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Re: A memory-based filesystem for the lazy [or impatient]

From: Roland McGrath
Subject: Re: A memory-based filesystem for the lazy [or impatient]
Date: Thu, 21 Dec 2000 15:51:34 -0500 (EST)

> On Thu, Dec 21, 2000 at 02:10:45AM -0500, Roland McGrath wrote:
> > If you are going to take that approach, i.e. a memory-based disk rather
> > than a memory-based filesystem, I would suggest adding a type to libstore.
> But how do you format the store before it is used?

Just like any other, with mke2fs.

        settrans -c /dev/ramdisk /hurd/storeio -Tcopy zero:100M
        mke2fs /dev/ramdisk
        settrans -a /tmp /hurd/ext2fs /dev/ramdisk

It is true that there isn't a handy way to make:

        settrans -a /tmp /hurd/ext2fs -Tcopy zero:100M

do what you'd like.  This is unfortunate, since it is definitely better for
performance to have the store implementation in ext2fs's libstore rather
than in storeio's.  With the changes I just made to libstore/copy.c last
night (which I haven't even tried to compile--I'm relying on you to test
and fix them if need be), it shouldn't be too bad going through storeio.

The problem is that file_get_storage_info cannot meaningfully describe the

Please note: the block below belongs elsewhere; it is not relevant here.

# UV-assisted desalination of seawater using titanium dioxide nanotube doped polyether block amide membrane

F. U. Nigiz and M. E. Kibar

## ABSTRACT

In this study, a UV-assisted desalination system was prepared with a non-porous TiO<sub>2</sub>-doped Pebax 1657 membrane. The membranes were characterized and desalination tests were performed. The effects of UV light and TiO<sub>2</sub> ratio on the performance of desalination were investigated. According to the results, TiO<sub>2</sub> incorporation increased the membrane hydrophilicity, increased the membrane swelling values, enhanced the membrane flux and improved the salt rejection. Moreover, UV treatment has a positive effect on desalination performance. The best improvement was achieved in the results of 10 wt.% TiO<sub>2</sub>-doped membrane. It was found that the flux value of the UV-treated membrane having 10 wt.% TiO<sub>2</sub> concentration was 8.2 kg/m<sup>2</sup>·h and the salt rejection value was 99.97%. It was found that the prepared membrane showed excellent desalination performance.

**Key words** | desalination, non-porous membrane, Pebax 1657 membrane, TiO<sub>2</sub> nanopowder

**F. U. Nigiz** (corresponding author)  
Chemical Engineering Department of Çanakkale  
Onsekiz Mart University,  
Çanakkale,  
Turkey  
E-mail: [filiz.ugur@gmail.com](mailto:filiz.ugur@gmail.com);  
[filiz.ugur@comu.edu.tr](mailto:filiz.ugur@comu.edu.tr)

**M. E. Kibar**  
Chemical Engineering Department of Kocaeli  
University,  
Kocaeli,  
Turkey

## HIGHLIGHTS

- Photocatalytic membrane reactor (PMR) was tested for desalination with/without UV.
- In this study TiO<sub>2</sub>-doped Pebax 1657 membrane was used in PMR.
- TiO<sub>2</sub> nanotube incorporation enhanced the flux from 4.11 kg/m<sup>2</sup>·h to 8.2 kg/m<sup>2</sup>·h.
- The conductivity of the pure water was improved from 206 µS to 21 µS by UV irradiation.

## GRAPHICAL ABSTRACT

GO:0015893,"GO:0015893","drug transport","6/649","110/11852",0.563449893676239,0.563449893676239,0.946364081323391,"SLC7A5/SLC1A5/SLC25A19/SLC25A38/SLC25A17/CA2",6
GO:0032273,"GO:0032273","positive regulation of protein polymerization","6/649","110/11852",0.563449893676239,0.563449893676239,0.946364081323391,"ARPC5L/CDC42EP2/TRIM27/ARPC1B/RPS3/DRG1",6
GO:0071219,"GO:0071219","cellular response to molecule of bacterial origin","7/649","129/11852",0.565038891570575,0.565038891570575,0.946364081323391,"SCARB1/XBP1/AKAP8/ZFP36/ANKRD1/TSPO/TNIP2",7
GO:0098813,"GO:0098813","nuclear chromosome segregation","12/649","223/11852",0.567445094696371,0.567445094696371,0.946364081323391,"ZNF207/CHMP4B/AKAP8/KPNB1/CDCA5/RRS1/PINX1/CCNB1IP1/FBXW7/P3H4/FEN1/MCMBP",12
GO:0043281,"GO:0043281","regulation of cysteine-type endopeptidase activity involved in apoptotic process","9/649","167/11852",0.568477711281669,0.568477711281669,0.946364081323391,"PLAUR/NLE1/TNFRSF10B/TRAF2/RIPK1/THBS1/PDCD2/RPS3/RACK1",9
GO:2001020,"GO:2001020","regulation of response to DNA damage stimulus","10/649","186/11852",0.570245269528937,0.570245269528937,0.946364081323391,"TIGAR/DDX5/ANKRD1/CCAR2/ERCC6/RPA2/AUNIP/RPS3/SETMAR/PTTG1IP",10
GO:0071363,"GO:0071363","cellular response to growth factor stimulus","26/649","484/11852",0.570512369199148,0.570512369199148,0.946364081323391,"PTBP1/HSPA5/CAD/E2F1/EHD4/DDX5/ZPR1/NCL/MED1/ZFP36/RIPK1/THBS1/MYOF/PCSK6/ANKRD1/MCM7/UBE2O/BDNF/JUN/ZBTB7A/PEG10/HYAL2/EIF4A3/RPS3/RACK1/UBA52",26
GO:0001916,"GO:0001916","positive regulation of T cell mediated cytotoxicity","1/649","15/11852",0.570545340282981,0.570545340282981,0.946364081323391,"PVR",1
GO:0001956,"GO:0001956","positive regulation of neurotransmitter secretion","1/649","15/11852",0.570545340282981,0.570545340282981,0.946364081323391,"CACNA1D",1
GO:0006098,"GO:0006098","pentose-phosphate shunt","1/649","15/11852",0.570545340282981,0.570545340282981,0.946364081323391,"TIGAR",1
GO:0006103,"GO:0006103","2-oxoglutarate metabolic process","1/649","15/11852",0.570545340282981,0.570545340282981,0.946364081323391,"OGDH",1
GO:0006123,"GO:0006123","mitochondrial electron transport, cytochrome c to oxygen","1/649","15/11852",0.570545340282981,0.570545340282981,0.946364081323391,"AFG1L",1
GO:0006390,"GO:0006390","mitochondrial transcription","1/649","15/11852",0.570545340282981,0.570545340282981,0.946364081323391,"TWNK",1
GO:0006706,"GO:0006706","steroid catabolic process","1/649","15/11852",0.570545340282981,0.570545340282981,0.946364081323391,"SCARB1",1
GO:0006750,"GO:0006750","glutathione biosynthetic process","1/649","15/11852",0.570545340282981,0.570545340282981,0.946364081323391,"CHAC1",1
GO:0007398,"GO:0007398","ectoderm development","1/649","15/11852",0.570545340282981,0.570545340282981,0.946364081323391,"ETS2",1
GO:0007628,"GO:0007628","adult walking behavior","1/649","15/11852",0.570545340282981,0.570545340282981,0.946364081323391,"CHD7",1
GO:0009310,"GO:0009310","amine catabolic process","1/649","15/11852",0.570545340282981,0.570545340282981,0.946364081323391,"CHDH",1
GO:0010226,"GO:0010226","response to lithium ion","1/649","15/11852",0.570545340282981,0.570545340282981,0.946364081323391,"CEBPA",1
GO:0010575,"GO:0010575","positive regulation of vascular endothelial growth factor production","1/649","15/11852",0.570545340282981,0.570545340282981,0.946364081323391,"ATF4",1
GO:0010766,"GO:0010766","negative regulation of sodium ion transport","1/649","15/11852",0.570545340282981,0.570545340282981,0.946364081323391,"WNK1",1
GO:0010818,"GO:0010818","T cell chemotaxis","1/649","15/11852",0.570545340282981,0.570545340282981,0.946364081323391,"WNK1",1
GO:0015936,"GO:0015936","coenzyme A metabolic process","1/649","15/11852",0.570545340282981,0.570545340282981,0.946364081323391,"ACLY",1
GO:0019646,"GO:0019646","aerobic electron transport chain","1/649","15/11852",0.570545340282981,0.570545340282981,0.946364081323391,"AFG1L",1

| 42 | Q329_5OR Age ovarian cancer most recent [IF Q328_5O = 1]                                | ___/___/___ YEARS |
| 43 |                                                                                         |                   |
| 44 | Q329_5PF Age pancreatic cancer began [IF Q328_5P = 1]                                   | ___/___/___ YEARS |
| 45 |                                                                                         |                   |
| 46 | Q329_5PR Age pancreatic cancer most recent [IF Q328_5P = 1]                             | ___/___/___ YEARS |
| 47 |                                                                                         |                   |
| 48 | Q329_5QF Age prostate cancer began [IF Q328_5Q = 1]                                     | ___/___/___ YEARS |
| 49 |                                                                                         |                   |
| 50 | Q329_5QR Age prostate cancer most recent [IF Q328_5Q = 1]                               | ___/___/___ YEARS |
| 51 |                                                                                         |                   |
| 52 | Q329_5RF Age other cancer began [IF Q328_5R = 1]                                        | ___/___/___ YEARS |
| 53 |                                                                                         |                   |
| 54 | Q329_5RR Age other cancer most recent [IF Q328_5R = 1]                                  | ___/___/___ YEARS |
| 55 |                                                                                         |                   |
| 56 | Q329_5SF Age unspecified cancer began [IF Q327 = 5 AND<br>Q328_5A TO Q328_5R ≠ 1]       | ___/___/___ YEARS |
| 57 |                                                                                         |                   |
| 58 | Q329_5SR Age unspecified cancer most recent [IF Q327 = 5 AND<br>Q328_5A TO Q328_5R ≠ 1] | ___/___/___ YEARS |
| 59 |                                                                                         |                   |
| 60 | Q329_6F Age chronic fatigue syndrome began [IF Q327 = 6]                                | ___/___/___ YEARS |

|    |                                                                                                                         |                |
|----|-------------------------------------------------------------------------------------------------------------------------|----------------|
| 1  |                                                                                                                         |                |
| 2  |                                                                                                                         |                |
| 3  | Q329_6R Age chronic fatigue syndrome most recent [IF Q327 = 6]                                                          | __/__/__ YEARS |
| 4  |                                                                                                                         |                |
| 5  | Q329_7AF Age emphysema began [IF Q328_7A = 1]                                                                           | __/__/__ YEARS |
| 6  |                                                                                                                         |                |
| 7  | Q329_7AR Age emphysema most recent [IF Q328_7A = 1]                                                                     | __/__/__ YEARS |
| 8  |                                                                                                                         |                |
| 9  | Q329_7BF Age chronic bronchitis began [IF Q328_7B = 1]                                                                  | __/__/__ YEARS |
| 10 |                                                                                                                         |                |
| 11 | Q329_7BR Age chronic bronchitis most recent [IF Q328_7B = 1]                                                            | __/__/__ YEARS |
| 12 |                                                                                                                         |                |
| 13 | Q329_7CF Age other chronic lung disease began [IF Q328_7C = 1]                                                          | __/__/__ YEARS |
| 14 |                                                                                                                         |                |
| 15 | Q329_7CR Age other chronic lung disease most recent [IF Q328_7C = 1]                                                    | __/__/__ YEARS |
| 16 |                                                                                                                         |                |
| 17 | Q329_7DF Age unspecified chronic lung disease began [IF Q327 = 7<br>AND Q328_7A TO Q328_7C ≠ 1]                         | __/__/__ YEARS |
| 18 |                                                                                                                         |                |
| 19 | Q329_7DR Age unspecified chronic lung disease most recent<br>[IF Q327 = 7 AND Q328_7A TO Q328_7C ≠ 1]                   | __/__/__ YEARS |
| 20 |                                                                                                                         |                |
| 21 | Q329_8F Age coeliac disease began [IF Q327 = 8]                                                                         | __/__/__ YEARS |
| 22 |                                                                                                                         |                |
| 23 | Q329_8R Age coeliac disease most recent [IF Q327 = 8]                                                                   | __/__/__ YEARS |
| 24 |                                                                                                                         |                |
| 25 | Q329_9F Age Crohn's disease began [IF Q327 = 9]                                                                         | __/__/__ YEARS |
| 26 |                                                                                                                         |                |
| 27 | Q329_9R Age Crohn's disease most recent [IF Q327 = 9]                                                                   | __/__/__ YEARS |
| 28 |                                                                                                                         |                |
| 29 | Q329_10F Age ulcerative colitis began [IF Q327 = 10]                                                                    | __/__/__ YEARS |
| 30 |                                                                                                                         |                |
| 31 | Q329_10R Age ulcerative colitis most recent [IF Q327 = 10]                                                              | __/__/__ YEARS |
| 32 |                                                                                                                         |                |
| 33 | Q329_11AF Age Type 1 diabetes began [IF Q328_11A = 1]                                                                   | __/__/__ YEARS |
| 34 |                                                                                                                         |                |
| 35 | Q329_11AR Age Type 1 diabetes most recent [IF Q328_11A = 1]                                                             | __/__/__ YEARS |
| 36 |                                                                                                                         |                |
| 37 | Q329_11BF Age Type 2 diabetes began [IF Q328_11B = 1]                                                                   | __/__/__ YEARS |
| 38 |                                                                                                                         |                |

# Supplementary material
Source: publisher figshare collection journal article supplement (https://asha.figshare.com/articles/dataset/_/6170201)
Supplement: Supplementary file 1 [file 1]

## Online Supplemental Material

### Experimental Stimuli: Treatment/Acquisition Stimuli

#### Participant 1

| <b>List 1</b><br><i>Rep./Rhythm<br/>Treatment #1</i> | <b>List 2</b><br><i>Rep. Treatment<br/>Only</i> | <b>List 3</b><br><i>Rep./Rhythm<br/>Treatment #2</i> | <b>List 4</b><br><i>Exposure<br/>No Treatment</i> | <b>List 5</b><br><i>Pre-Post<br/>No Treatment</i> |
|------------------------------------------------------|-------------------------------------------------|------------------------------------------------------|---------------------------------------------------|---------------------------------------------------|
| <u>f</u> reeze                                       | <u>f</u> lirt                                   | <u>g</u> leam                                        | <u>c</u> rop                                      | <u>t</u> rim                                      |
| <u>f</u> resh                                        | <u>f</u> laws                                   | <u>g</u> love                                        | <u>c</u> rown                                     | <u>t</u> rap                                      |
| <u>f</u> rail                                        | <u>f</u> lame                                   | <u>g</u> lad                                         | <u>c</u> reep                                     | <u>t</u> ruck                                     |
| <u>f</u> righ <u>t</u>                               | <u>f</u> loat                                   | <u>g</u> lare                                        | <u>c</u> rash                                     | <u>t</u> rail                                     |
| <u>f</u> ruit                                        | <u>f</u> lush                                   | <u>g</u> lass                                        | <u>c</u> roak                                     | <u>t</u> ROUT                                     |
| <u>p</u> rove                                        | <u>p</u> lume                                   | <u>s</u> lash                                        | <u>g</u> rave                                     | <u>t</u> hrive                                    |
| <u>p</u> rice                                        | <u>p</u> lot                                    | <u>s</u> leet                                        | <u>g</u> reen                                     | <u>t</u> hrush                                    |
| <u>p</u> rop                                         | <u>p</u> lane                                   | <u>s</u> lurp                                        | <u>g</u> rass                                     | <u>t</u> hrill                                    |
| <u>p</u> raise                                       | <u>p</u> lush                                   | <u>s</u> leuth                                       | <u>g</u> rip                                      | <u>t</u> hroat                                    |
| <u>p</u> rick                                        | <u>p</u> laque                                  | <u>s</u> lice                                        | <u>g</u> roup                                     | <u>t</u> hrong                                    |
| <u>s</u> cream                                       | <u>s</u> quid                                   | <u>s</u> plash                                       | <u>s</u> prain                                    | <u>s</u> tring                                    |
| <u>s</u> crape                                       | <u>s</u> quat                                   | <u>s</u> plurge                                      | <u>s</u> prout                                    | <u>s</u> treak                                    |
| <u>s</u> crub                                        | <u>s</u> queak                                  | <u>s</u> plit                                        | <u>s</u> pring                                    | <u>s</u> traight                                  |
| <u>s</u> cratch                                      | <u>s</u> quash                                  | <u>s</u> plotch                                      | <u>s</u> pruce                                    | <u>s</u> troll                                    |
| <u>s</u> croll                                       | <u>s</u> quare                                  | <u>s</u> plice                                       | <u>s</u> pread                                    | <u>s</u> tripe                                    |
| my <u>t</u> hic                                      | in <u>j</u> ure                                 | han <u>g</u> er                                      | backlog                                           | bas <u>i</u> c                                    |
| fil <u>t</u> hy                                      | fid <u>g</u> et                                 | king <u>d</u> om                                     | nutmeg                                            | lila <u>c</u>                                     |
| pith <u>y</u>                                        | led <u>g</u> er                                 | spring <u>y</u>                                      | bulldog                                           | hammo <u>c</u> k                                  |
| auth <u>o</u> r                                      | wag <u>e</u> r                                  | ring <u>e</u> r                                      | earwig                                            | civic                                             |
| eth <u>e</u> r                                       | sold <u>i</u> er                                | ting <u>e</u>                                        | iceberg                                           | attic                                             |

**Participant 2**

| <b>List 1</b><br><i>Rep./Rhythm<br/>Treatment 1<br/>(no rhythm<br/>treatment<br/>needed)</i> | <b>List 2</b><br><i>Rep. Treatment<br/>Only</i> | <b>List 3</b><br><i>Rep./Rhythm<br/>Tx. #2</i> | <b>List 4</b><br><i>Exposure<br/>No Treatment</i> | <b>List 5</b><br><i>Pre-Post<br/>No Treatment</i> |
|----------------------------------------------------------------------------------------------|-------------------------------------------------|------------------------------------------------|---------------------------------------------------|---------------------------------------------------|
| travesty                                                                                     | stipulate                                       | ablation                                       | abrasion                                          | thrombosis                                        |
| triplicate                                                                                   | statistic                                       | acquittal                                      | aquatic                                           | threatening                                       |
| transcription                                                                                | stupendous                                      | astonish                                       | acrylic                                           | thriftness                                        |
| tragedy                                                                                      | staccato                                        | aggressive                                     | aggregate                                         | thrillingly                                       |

store, so the filesystem's libstore has to make normal RPCs to storeio to
access the store.  This is not so bad, since it will only do it when pages
are written back.  The changes I made last night to libstore should make it
use vm_read/vm_write instead of actual data copying, but there is a bunch
of overhead in doing the ool RPC data from fs to storeio and then the
vm_read/vm_write inside storeio (which is more or less like a second ool RPC).

We could make something similar perform better by implementing the
STORAGE_MEMORY type.  Then storeio would just allocate a default-pager
memory object, and that memory object port could be passed back through
file_get_storage_info to the filesystem's libstore.

But, the plan as it stands is reasonable enough.  The performance questions
I've raised only come into play when the filesystem does pagein/pageouts,
which won't happen much until you've used up RAM.  Hmm, except for
synchronous inode updates.  We really ought to add an --unsafe-asynchronous
option to diskfs that makes it never do any sync'ing except for explicit
fsync and syncfs calls.  This is useful in some cases for real disk
filesystems too; FreeBSD has such an option that they use when doing clean
installs, i.e. where if anything goes wrong it is acceptable to have to
wipe the disk and start over (since fsck might not be able to recover after
a crash).

This approach of having the pageout path turn into a vm_write of another
task's anonymous page probably has horrible VM performance.  Thomas can
give us a clearer idea what exactly this will mean.

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